Patti Smith, fully Patricia Lee "Patti" Smith

Patti
Smith, fully Patricia Lee "Patti" Smith
1946

American Writer, Poet, Recording Artist, Singer-Songwriter and Visual Artist

Author Quotes

I thought to myself that he contained a whole universe that I had yet to know.

I wrote every day. I don't think I could have written 'Just Kids' had I not spent all of the 80s developing my craft as a writer.

In fact, I thought my calling was to be a painter.

I've always thrived on the encouragement of others.

My father's mother was from Liverpool and she had this very beautiful English china. I only wanted to drink my cocoa out of my grandmother's cup and saucer.

Now, I can tell you about some women writers who truly are fantastic. One is Anna Kavan. She writes stories like I approach Land of a Thousand Dances: she's caught in a haze and then a light, a little teeny light, come through. It could be a leopard, that light, or it could be a spot of blood. It could be anything. But she hooks onto that and spirals out. And she does it within the accessible rhythms of plot, and that's really exciting. She's not hung up with being a woman, she just keeps extending herself, keeps telescoping language and plot. Another great woman writer is Iris Sarazan, who wrote The Runaway. She considered herself a mare, a wild runaway. She was a really intelligent girl stuck in all these convents with a hungry mind. I identify with her 'cause of her hunger to go beyond herself. She wound up in prison, but she escaped and wrote some great books before kicking off. Her books aren't page after page of her beating her breast about how shitty she's been treated, they're books about her exciting telescoping plans of escape. Rhythm, great wild rhythm... The French poet, Rimbaud, predicted that the next great crop of writers would be women. He was the first guy who ever made a big women's liberation statement, saying that when women release themselves from the long servitude of men they're really gonna gush. New rhythms, new poetries, new horrors, new beauties. And I believe in that completely.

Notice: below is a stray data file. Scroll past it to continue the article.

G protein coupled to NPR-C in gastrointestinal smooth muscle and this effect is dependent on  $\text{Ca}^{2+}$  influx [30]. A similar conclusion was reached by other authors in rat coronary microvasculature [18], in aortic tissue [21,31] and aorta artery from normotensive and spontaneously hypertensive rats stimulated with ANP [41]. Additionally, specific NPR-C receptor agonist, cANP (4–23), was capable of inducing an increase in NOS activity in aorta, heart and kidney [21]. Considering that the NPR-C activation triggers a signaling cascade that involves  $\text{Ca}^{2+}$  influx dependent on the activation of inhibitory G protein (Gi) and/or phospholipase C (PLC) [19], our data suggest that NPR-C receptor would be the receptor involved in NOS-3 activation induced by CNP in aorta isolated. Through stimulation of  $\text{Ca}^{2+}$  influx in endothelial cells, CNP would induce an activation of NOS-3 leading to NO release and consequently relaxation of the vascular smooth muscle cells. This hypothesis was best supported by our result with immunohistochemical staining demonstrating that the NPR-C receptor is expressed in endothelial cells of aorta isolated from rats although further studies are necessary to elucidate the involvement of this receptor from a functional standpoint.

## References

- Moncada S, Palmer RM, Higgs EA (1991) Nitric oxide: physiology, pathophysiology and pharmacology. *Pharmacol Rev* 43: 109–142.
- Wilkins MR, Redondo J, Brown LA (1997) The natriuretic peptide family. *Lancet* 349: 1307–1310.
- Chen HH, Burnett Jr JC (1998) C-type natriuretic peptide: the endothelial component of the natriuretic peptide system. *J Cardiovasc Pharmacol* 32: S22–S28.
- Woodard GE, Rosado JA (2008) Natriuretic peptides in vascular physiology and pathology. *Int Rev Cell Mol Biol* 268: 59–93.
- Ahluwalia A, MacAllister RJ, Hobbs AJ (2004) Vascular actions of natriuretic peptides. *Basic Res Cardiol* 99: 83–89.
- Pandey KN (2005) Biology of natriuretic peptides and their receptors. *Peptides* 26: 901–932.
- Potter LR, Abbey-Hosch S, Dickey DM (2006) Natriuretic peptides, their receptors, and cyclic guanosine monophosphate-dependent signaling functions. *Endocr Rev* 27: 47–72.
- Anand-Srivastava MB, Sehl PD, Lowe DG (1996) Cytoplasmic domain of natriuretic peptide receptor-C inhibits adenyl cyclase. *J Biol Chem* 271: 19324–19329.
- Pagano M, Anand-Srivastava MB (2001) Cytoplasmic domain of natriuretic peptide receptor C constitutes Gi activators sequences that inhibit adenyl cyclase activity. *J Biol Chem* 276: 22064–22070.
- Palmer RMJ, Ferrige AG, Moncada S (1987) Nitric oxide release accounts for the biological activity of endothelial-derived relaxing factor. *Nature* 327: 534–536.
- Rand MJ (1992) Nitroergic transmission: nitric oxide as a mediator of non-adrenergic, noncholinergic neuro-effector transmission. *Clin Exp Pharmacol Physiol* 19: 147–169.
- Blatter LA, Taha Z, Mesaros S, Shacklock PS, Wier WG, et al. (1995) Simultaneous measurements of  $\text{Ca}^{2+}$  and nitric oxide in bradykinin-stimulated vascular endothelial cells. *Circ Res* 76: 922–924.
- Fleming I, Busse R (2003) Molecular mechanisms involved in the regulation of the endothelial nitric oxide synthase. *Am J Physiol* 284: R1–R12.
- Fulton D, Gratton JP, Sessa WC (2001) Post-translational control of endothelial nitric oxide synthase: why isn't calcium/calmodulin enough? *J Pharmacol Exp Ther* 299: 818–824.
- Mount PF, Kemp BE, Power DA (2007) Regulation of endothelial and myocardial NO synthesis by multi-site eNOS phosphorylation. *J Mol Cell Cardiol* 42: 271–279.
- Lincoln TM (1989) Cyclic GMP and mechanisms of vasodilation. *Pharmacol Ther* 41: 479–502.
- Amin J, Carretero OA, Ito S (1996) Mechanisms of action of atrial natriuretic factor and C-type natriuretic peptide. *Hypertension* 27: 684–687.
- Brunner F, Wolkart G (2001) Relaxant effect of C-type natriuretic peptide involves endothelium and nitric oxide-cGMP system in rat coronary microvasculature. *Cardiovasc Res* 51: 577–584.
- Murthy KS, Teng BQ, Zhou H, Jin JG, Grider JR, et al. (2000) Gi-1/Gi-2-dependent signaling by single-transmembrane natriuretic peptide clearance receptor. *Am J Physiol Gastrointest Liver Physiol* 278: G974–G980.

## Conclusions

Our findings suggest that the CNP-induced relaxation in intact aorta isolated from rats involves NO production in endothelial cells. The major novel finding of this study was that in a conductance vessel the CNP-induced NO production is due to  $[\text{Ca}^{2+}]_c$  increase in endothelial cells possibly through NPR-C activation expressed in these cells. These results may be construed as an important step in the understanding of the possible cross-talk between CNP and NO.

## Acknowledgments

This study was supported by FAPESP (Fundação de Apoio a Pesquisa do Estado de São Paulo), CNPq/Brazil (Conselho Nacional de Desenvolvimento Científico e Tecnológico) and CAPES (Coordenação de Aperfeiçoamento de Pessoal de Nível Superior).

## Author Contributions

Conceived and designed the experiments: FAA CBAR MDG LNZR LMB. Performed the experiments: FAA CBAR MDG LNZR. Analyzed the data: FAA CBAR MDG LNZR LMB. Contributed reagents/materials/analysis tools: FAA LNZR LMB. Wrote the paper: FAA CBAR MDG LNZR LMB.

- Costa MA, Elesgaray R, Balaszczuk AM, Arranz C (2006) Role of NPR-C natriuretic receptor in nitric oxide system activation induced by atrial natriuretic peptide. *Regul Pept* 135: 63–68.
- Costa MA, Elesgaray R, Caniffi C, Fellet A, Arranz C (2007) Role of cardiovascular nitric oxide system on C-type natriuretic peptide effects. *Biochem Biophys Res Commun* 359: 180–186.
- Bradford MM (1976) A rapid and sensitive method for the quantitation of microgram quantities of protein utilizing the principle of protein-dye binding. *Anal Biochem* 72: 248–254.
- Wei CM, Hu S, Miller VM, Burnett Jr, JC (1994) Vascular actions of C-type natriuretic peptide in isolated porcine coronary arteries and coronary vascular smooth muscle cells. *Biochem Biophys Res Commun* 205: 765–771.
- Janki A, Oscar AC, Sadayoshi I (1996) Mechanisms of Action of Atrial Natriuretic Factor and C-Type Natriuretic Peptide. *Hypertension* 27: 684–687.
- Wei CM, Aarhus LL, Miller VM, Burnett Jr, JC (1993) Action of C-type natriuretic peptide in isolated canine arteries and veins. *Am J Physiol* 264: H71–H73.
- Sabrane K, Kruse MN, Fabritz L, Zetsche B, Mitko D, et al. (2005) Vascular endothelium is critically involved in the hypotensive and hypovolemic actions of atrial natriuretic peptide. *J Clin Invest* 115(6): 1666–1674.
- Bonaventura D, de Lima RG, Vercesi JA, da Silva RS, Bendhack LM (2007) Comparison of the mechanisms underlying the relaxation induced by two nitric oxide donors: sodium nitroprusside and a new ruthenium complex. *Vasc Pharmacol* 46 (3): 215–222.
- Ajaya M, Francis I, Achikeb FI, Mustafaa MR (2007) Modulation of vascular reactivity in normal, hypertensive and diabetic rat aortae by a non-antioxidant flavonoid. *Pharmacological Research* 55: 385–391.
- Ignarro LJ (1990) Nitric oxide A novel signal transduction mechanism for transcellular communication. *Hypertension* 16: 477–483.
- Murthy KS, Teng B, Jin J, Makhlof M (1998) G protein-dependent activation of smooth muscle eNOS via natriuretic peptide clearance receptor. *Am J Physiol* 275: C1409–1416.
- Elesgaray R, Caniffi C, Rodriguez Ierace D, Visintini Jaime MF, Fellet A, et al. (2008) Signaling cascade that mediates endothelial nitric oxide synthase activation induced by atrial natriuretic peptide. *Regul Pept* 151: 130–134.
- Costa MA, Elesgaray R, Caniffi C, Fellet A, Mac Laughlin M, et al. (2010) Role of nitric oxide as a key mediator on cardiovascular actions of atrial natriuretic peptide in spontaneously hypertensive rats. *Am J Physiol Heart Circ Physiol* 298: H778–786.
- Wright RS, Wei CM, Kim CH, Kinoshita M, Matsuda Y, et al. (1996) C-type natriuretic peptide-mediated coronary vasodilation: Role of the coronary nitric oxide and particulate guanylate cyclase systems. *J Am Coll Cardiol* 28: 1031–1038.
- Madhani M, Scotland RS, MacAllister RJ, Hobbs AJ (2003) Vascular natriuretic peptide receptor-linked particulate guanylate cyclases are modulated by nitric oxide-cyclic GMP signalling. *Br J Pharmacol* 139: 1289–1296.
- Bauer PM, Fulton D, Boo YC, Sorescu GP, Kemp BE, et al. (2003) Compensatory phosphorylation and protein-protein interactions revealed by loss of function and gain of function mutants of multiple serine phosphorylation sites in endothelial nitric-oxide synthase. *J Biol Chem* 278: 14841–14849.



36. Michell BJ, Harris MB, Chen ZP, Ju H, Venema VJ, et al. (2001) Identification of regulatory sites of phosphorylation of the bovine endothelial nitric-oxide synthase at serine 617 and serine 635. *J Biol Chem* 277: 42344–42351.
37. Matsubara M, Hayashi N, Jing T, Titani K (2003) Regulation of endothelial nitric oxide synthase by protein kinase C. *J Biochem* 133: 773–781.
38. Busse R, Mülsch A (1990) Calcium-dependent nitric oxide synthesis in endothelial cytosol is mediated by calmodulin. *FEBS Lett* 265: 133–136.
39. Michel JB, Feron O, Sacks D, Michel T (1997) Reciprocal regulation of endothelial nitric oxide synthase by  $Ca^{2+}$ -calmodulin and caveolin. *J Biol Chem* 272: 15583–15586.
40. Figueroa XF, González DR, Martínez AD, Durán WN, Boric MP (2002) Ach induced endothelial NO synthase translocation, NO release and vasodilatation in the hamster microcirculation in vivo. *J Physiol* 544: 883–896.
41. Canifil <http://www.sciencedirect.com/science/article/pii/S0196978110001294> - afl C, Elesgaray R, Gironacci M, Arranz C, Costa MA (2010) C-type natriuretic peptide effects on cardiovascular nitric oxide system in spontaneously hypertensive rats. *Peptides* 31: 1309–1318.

Robert took to describing himself as evil, partially joking or just needing to be different? ?You know you don?t have to be evil to be different,? I said. ?You are different. Artists are their own breed.?

The child, mystified by the commonplace, moves effortlessly into the strange.

Then I read Little Women, and of course, like a lot of really young girls, I was very taken with Jo - Jo being the writer and the misfit.

I hated the soup and felt little for the can.

I look at these kids, you know, and I could be their mother, their mistress, their older woman. Some of the kids at the concerts are 15.

I understood that in this small space of time we had mutually surrendered our loneliness and replaced it with trust.

I'd just make sure with anything I say I know what I'm talking about.

In my low periods, I wondered what was the point of creating art. For whom? Are we animating God? Are we talking to ourselves? And what was the ultimate goal? To have one?s work caged in art?s great zoos ? the Modern, the Met, the Louvre? I craved honesty, yet found dishonesty in myself? It seemed indulgent to add to the glut unless one offered illumination.